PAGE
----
Everyone of us know about that old aphorism Small is Beautiful. What the vast majority of us don't understand is that a lot of straightforwardness may prompt undesirable results, especially with regards to film-production. Chief Birsa Dasgupta, whose introduction wander "033" wowed us with its new, fresh and straightforward brand of narrating, is back with his second offering Jani Dekha Hobey or, Jani Dyakha Hawbey, as the producers want to call it. Shockingly, this time round, the man appears to have taken the estimation of effortlessness in motion picture making a lot to heart.
Jani Dekha Hobey had been advanced as a vibe decent love story between a urban couple and how they battle through individual contrasts to make their sentiment an amazing achievement. The film recounts the tale of Megh (Parambrata Chattopadhyay), a battling lyricist and Hiya (Payel Sarkar), a wannabe design model. The begin of the motion picture is sufficiently promising, with our driving couple sharing a typical long for Hiya frantically attempting to banter with Megh in the setting of the wonderfully shot Kanchenjunga. The fantasy arrangement closes and a voice-over underscores the colossal chances of two individuals in affection, having the same dream, in the meantime.
Switch to flashback mode, and we discover how Megh and Hiya met (under crazy yet sweet circumstances). They trade telephone numbers and, evidently, in a matter of days, begin to live respectively also. Issues raise their revolting head, when Hiya, driven on by her desire to end up a truly effective model, turns out to be excessively wrapped up with her photograph shoots, leaving poor Megh, unemployed and as yet searching for musical acknowledgment, essentially exposed to the harsh elements of reality.
Our saint communicates his dismay at the fairly strong photograph sessions that Hiya is highlighting in and strings of jealousy begins inching into his manners of thinking as well, for his woman love has as of now turned out to be way more fruitful in life than he is.
The story, notwithstanding, heads descending past this point. Megh, in a plastered fit, spreads repulsive gossipy tidbits about Hiya's calling, which prompts a fierce fight lastly, a separation between the two. Enter "Ishwar" (Anjan Dutt), the self-announced 'Out-of-work bhogoban' and the previous lover of "Nirupama" (Mamata Shankar, in a delightful cameo), and he instantly continues to set everything directly in the middle of Megh and Hiya, with the assistance of "MacD" (Shiboprosad Mukherjee), a prominent identity from the music business and the security gatekeeper of Megh's condo.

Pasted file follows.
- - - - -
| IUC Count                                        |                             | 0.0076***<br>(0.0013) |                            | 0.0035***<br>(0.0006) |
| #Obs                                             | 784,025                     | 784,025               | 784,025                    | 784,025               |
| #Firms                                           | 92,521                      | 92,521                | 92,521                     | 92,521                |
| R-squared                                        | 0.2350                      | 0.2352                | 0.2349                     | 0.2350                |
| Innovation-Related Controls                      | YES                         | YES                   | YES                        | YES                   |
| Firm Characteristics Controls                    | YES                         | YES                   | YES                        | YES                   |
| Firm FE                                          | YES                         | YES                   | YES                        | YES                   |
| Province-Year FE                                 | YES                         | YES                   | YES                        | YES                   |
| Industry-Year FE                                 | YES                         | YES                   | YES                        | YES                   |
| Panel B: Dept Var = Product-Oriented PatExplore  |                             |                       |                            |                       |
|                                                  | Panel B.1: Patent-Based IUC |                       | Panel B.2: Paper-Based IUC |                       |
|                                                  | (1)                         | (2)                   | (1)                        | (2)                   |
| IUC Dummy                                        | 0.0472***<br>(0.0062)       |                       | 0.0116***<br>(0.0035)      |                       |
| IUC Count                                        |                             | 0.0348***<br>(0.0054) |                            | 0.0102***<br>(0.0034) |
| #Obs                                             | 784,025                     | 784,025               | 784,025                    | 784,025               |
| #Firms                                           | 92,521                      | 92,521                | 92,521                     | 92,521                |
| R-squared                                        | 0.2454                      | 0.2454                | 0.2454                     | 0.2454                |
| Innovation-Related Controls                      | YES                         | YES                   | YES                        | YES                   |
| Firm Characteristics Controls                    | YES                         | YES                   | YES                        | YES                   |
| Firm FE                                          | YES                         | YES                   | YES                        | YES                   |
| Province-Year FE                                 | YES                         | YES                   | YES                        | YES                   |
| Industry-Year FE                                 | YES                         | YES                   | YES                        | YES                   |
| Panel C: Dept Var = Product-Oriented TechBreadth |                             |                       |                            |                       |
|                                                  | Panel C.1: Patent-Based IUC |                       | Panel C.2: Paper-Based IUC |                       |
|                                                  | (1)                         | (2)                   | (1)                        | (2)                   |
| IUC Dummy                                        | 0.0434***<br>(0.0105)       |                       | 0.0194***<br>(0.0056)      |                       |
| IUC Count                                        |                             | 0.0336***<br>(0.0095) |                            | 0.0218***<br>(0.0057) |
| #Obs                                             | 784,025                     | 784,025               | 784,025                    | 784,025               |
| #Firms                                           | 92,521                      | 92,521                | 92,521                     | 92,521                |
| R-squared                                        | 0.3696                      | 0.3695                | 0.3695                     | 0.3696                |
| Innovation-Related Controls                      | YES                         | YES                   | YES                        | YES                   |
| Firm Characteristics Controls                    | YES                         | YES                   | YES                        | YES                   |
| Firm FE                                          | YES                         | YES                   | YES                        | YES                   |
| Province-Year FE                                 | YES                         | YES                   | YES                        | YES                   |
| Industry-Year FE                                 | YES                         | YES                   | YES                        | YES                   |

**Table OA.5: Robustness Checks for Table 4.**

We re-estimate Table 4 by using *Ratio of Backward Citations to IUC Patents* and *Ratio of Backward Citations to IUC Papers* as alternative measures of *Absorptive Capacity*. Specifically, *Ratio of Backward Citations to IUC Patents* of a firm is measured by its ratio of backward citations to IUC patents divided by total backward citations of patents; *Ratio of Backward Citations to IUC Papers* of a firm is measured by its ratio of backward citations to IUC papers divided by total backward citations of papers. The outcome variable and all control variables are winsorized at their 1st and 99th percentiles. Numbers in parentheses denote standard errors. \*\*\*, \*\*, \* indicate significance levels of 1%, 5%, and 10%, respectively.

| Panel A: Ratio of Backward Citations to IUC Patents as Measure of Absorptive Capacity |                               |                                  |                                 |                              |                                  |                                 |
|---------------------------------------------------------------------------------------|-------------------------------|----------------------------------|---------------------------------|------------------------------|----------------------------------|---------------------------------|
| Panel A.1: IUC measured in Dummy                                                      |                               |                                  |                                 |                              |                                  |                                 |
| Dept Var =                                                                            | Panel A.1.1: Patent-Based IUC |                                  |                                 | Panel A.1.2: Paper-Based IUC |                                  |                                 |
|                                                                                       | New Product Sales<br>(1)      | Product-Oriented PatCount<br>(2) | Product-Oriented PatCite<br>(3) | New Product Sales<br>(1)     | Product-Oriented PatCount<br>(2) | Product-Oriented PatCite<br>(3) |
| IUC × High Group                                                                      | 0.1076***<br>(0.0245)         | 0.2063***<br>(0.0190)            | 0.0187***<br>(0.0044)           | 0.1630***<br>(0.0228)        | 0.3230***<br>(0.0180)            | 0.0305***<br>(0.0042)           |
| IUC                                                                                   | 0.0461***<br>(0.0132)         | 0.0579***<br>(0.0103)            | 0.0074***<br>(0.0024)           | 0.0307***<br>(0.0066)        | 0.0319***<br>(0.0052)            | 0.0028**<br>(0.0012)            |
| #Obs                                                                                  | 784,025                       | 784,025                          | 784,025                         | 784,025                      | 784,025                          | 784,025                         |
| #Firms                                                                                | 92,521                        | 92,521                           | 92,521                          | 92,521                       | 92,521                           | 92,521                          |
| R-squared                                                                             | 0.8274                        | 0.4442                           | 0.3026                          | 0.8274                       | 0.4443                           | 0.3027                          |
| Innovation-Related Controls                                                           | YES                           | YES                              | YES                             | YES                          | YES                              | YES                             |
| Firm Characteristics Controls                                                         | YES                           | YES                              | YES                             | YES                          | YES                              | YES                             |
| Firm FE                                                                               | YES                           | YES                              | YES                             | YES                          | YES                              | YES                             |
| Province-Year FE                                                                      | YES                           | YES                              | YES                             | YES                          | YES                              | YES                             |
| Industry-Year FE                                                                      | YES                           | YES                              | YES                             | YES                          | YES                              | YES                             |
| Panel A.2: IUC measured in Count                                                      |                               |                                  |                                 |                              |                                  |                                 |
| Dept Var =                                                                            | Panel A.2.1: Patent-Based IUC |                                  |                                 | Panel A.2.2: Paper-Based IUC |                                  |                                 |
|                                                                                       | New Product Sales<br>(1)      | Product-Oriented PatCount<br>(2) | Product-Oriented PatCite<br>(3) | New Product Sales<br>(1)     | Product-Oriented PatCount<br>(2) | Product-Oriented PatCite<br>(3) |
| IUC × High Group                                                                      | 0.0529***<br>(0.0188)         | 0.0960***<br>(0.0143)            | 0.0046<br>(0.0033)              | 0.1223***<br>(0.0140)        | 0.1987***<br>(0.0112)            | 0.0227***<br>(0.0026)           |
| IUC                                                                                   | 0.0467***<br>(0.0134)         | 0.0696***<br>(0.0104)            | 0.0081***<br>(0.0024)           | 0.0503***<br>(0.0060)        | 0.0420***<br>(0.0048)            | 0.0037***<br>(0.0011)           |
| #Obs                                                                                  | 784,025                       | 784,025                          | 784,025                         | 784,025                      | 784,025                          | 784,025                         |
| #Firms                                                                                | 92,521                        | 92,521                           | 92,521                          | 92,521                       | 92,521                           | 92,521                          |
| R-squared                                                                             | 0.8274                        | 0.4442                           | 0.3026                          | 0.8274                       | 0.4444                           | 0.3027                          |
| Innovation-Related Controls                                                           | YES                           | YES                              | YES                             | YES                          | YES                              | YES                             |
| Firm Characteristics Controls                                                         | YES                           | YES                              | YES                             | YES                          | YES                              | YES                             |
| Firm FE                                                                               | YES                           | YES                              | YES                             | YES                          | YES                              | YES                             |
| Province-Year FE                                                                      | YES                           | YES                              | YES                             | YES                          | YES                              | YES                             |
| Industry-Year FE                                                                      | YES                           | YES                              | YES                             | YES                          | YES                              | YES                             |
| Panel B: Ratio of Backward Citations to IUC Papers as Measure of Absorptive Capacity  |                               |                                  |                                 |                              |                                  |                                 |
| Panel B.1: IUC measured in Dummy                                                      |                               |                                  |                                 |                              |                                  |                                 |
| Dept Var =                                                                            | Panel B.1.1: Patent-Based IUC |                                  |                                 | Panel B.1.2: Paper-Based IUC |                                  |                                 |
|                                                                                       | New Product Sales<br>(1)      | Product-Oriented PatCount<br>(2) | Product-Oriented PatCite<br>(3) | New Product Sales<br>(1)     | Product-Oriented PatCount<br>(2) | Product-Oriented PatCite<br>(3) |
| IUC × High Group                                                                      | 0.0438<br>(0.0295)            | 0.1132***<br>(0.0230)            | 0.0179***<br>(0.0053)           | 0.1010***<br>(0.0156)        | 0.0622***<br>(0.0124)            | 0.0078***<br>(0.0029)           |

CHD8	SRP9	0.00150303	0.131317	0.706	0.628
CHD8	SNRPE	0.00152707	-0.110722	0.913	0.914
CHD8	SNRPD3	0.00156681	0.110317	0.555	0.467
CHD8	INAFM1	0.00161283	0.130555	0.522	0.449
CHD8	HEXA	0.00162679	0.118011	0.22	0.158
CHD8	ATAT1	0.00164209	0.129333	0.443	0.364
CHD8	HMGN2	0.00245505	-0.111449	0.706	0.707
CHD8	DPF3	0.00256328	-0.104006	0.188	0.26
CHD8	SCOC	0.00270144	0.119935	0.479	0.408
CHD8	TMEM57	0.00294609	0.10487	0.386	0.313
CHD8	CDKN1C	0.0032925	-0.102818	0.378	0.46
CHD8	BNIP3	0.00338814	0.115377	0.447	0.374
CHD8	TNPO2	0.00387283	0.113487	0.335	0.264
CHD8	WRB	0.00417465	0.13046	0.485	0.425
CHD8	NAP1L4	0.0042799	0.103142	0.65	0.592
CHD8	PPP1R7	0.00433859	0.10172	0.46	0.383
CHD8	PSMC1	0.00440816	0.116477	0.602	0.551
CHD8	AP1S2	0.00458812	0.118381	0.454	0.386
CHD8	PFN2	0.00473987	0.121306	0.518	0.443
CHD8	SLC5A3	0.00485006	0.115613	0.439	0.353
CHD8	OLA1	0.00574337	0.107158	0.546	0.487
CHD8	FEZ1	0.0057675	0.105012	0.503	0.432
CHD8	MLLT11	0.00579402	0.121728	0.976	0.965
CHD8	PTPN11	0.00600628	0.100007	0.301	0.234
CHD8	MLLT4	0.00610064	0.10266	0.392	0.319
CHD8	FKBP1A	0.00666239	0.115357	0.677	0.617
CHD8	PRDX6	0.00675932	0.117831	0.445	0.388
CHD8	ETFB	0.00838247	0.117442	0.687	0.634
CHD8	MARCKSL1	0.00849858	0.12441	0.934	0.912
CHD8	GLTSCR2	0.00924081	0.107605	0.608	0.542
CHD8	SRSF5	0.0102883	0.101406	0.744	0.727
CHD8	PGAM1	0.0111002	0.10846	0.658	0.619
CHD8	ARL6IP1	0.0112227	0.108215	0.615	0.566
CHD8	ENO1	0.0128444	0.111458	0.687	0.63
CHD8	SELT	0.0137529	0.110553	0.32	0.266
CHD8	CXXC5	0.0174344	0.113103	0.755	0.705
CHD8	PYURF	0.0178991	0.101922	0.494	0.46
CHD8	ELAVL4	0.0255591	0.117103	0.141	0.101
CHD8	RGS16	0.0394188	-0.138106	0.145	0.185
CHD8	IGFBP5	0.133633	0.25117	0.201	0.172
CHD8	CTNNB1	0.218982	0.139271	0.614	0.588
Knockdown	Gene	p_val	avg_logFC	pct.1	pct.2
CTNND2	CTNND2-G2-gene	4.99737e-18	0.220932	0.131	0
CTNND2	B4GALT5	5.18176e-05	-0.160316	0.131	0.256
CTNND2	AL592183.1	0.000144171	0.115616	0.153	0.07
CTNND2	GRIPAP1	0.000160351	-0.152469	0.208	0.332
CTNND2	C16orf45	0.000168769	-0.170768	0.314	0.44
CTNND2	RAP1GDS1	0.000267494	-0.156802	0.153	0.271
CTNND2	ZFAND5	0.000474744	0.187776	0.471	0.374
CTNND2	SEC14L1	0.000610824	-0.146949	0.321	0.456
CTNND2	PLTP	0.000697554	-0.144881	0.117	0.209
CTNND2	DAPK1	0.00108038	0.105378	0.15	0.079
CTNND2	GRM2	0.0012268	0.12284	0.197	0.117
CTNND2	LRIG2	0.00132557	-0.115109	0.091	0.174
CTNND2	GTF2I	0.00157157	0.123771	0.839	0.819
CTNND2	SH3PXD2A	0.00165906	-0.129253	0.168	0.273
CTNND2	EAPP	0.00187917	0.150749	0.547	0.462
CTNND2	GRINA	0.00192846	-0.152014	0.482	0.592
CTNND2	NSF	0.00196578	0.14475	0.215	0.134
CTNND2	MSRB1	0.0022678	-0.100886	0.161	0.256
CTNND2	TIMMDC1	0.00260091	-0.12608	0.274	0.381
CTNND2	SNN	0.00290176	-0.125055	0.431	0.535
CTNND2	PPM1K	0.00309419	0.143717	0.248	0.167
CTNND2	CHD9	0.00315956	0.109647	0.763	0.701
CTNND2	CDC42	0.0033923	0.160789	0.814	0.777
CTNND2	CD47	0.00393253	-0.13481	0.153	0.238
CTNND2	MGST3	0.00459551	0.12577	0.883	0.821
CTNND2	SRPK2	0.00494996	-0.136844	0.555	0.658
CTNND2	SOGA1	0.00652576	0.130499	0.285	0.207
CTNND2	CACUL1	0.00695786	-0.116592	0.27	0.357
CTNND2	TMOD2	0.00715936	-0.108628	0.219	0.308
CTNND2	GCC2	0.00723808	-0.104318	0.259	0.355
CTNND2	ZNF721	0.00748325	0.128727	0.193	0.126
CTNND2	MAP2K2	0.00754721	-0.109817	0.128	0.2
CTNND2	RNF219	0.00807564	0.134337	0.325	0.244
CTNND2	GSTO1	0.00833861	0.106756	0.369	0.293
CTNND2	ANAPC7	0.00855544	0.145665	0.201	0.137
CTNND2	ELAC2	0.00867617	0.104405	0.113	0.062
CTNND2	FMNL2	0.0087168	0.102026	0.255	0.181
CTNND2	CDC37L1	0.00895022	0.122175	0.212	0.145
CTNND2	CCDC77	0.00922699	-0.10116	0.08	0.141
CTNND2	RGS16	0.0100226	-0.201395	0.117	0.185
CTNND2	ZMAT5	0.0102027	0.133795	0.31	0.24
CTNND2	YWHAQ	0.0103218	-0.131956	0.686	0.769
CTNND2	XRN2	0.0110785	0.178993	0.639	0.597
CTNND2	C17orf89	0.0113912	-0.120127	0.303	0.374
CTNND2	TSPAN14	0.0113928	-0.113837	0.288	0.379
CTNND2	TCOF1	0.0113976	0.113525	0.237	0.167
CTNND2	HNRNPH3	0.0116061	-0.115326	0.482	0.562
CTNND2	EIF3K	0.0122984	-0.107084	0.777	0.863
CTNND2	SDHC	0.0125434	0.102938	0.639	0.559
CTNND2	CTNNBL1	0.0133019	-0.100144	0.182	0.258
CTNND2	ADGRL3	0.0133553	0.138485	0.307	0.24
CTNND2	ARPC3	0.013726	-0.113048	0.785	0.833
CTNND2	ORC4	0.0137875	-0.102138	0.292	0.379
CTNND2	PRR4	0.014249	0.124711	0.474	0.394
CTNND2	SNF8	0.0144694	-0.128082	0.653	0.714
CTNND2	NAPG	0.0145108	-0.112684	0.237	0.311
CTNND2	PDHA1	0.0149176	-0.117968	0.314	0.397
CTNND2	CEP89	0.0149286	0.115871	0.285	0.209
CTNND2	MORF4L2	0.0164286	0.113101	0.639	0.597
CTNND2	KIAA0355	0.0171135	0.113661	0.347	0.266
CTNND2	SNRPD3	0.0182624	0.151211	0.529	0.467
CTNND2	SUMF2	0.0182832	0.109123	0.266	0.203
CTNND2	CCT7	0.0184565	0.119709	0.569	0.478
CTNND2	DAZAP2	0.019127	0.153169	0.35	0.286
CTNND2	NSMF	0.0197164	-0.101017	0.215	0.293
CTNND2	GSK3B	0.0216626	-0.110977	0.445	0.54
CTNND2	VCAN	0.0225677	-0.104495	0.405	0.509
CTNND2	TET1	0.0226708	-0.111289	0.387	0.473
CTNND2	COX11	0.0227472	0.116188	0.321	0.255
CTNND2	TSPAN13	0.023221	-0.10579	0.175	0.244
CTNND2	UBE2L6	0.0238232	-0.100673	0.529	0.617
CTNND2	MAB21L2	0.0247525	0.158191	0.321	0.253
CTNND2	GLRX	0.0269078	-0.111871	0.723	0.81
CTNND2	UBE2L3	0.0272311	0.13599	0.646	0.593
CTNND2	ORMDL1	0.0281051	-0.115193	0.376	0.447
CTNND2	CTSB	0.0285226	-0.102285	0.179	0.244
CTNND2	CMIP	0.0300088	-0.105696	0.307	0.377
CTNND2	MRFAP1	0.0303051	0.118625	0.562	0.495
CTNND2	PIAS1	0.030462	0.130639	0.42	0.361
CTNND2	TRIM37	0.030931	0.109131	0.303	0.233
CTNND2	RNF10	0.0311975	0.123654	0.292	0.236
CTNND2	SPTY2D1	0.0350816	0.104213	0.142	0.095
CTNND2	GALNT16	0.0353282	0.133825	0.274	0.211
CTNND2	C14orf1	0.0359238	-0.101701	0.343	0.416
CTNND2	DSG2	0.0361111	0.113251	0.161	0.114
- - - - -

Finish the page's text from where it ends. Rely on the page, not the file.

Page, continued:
All in all, what troubles this sweet, sentimental film? There is basically no character advancement of the fundamental heroes of the motion picture. The main thing that the group of onlookers becomes acquainted with about Parambrata's character is that he is hard squeezed for cash, however past that, nothing.
Payel's Hiya is considerably more unusual, giving out portable numbers to bizarre young fellows inside of ten (perhaps less!) minutes of meeting them, having tornado undertakings and afterward, after the separation, chuckling at jokes broke to Megh's detriment lastly arriving up at the living arrangement of Pat the picture taker (the awful gentleman in the motion picture), where she stays for three months!
Does this film mock at the malice of young fellows, who can spread messy bits of gossip about their ex-accomplices without fluttering an eyelid, or does it expect to ridicule the artlessness of an informed young woman, who stays at an obviously scurrilous picture taker's home, simply because the last has guaranteed her a task from FTv (kid, silly contemplations can to be sure great!)? One miracles.
It is pleasant to see Anjan Dutt in a film which he is not coordinating, and the "Ranjana" man by and by demonstrates that, however lousy the flick might be, his character would radiate through. One wishes that he and Mamata Shankar had screen space together. In a part that for the most part includes reprimanding Parambrata for mouthing obscenities, the gifts of the veteran performing artist have been completely squandered. It is, be that as it may, hazy, how, or why, Dutt's character turns out to be so dedicated towards bringing the Megh-Hiya love story back on track.
Rupa Ganguly plays Meenaxi, the sexy, likely separated leader of a music organization, who really likes the much more youthful Parambrata. Her character is again a silly one, with no similarity of a back-story and just an inhaler demonstrating that her past sentimental encounters have been grievous.
The two music executives of the film are Neel Dutt and Indraadip Dasgupta. The title track, with its intriguing utilization of the evergreen Jo Waada Kiya is hummable. Neel's best creations appear to be held for his father Anjan Dutt's motion pictures to some degree like how we just bamboozle Rajesh Roshan in Rakesh Roshan-coordinated movies.
Birsa is an expert storyteller, yet in the event that he truly needs to enter the domain of standard film, he needs to attempt once more. The motion picture has an open-finished peak, with the gathering of people left to judge whether Hiya and Megh really turn into a couple by and by, or whether it is each of the a developed, shocking, dream. The issue is, the viewers had quit minding quite a while back.